Roger Vadim and Annette Stroyberg, Saint Tropez 1958 © Willy Rizzo

La danseuse créole, Henri Matisse, Musée Matisse, Nice, 1965

Elijah on a chariot, Marc Chagall (1961), mosaic installed on a wall outside the installation of the Biblical Message paintings, Museo Nazionale Marc Chagall (Marc Chagall National Museum), Nice, France

Apart from the artists, the area also attracted many writers, movie stars and socialites in the 20th century. The first wave, post World War I, included Scott and Zelda Fitzgerald, Hemingway, Nabokov, James Joyce, Gerald and Sara Murphy, and Coco Chanel. The second wave, post World War II, brought in the glitz and glamour of Hollywood, turning the artist and intellectual retreat into a playground for the rich and famous. Brigitte Bardot, Roger Vadim, Jane Fonda, Jane Birkin, and Serge Gainsbourg are only a few examples of the glamorous crowd that spent time on the sunny coast along with royalty and politicians, helping turn it into the opulent destination it is today.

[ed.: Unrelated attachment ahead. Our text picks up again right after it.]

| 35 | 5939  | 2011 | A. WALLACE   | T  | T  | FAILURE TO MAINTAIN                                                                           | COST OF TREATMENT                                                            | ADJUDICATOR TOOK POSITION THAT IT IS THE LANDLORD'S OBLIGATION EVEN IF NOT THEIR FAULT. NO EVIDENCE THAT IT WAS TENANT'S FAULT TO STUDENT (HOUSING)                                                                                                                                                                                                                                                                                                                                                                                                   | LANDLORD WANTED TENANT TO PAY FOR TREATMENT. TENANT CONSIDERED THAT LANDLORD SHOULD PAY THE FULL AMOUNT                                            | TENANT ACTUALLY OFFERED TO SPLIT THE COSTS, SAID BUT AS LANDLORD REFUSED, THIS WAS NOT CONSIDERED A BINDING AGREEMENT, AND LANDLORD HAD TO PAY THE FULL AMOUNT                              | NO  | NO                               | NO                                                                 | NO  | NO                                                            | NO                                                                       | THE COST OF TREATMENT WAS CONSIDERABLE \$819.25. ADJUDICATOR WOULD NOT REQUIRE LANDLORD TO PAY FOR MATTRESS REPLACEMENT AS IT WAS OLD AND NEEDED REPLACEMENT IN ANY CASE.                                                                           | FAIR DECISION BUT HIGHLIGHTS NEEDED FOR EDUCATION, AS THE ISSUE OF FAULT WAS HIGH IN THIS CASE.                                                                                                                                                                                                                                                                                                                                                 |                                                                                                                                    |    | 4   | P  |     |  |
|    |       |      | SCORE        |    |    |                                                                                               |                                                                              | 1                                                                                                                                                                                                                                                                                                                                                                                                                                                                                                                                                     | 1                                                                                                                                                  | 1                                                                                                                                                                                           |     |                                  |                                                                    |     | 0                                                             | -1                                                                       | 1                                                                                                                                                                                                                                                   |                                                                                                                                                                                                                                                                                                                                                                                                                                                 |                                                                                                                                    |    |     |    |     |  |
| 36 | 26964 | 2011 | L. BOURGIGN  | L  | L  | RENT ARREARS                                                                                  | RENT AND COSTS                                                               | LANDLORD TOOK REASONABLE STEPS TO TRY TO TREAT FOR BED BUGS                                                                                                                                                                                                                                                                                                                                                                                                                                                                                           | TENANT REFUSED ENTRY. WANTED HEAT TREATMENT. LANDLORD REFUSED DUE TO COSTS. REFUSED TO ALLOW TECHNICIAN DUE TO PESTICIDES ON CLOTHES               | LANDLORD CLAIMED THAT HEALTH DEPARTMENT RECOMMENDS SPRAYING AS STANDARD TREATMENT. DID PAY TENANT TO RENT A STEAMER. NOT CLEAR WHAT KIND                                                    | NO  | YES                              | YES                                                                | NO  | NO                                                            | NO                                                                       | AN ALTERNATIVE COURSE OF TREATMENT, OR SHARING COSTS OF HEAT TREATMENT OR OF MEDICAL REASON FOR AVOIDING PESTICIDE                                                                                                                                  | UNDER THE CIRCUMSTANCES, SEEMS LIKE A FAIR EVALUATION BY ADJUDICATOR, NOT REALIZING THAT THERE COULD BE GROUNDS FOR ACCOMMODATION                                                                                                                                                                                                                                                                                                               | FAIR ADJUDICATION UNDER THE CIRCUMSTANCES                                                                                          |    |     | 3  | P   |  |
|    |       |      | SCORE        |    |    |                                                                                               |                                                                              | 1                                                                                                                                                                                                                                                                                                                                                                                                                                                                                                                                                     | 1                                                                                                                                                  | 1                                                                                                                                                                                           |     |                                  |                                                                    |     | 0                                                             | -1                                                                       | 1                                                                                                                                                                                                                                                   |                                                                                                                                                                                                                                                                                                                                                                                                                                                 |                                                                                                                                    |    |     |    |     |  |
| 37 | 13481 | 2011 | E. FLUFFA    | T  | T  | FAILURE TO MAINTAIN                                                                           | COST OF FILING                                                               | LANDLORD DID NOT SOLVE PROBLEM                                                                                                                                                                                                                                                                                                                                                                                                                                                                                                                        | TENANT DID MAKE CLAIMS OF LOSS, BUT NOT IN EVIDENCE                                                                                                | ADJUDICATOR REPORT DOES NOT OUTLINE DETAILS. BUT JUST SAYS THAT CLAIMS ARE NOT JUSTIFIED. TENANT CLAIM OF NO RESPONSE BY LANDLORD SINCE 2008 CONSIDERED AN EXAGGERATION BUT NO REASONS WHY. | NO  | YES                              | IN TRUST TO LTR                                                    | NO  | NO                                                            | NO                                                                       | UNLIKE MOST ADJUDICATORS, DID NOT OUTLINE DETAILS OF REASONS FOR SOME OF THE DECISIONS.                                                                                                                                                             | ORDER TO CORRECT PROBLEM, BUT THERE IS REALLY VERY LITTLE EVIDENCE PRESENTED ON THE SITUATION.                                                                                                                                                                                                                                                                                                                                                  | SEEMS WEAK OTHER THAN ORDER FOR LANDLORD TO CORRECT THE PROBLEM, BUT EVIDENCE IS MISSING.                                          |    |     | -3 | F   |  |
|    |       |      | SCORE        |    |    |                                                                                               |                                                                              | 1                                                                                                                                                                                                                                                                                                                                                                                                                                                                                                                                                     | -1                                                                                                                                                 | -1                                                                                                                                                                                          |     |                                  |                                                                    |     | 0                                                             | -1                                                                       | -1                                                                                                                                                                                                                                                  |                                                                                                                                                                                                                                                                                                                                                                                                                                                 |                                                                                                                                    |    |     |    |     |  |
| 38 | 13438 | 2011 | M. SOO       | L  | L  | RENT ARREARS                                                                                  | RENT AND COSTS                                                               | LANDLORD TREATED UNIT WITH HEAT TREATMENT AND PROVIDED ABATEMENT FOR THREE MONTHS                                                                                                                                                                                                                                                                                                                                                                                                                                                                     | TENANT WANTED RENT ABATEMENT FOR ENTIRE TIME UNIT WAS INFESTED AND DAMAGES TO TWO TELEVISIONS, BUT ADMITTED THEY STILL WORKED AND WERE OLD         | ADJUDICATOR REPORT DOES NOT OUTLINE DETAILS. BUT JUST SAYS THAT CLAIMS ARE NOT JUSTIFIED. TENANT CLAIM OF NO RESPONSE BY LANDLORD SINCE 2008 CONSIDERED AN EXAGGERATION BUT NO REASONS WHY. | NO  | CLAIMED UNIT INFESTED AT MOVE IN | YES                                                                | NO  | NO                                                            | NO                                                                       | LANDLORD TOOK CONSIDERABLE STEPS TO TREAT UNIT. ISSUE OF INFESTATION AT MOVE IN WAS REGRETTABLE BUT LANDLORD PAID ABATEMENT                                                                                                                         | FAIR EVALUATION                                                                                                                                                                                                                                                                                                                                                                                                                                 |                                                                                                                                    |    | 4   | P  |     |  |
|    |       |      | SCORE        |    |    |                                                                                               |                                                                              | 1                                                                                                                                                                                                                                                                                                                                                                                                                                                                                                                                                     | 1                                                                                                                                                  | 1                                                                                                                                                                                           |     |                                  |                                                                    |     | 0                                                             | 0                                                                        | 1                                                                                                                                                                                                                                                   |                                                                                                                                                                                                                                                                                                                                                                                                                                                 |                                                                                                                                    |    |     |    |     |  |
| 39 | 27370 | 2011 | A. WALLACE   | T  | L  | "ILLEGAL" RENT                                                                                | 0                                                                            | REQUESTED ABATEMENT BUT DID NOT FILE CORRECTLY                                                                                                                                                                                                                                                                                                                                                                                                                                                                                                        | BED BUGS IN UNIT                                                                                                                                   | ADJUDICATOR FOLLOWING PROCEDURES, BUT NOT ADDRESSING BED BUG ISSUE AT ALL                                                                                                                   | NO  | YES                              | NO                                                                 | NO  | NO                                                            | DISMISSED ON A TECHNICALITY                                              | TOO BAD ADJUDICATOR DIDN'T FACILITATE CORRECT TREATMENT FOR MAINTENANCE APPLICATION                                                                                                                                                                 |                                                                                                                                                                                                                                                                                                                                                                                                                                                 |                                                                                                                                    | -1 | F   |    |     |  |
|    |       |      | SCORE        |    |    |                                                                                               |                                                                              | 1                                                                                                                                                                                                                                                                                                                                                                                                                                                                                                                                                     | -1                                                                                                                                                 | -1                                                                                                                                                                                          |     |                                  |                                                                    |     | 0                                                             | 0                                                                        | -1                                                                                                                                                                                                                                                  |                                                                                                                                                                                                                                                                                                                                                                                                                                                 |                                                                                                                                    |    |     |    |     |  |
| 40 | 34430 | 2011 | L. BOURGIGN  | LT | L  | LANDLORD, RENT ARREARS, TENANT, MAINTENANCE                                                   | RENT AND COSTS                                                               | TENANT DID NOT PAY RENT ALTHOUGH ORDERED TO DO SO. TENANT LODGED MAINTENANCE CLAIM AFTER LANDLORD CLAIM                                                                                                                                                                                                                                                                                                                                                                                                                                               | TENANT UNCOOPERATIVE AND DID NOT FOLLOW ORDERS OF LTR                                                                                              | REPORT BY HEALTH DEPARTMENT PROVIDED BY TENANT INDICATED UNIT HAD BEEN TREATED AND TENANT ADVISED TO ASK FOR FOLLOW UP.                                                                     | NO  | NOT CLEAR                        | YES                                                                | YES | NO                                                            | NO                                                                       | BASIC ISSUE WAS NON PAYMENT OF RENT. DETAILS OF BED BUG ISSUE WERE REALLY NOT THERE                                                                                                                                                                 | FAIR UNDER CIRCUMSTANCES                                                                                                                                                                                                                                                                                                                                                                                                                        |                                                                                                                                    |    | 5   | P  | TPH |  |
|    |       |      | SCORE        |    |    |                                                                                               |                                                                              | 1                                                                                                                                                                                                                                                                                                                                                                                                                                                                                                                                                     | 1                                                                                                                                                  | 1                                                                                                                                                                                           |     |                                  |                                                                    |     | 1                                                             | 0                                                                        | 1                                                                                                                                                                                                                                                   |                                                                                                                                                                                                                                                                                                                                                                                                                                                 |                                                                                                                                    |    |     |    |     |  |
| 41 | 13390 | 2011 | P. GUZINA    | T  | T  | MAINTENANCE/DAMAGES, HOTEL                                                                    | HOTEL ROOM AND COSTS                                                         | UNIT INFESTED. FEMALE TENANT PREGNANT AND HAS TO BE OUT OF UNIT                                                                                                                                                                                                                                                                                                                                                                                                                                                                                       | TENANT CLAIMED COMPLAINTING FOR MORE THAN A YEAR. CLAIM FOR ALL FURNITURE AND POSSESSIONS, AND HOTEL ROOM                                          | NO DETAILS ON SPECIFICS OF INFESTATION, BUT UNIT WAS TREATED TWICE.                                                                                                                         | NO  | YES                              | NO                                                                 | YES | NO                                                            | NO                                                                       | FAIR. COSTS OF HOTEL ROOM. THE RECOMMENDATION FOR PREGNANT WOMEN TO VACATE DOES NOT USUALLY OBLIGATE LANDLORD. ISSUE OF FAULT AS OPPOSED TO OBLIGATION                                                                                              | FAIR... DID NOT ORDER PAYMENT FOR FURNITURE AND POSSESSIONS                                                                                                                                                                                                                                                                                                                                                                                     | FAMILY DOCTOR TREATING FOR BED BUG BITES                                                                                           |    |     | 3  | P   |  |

The Côte d’Azur is a striking stretch of land where you can find over-the-top opulence living side by side with the charming villages that attracted artists and intellectuals and made this portion of the French Riviera a veritable art Mecca. Painters and sculptors were the first to call this place home. Pablo Picasso explored his passion for pottery when living in the clay-quarrying town of Vallarius where he also painted its main chapel, while Henri Matisse spent his last years in Nice and built a chapel of his own in nearby Vence. Nice has much to offer including the Musee Matisse, which houses an extensive permanent collection of the painter’s paintings, drawings, sculptures and personal items, and the Musee Chagall which was designed by the artist himself houses his series of 17 paintings illustrating the Message Biblique.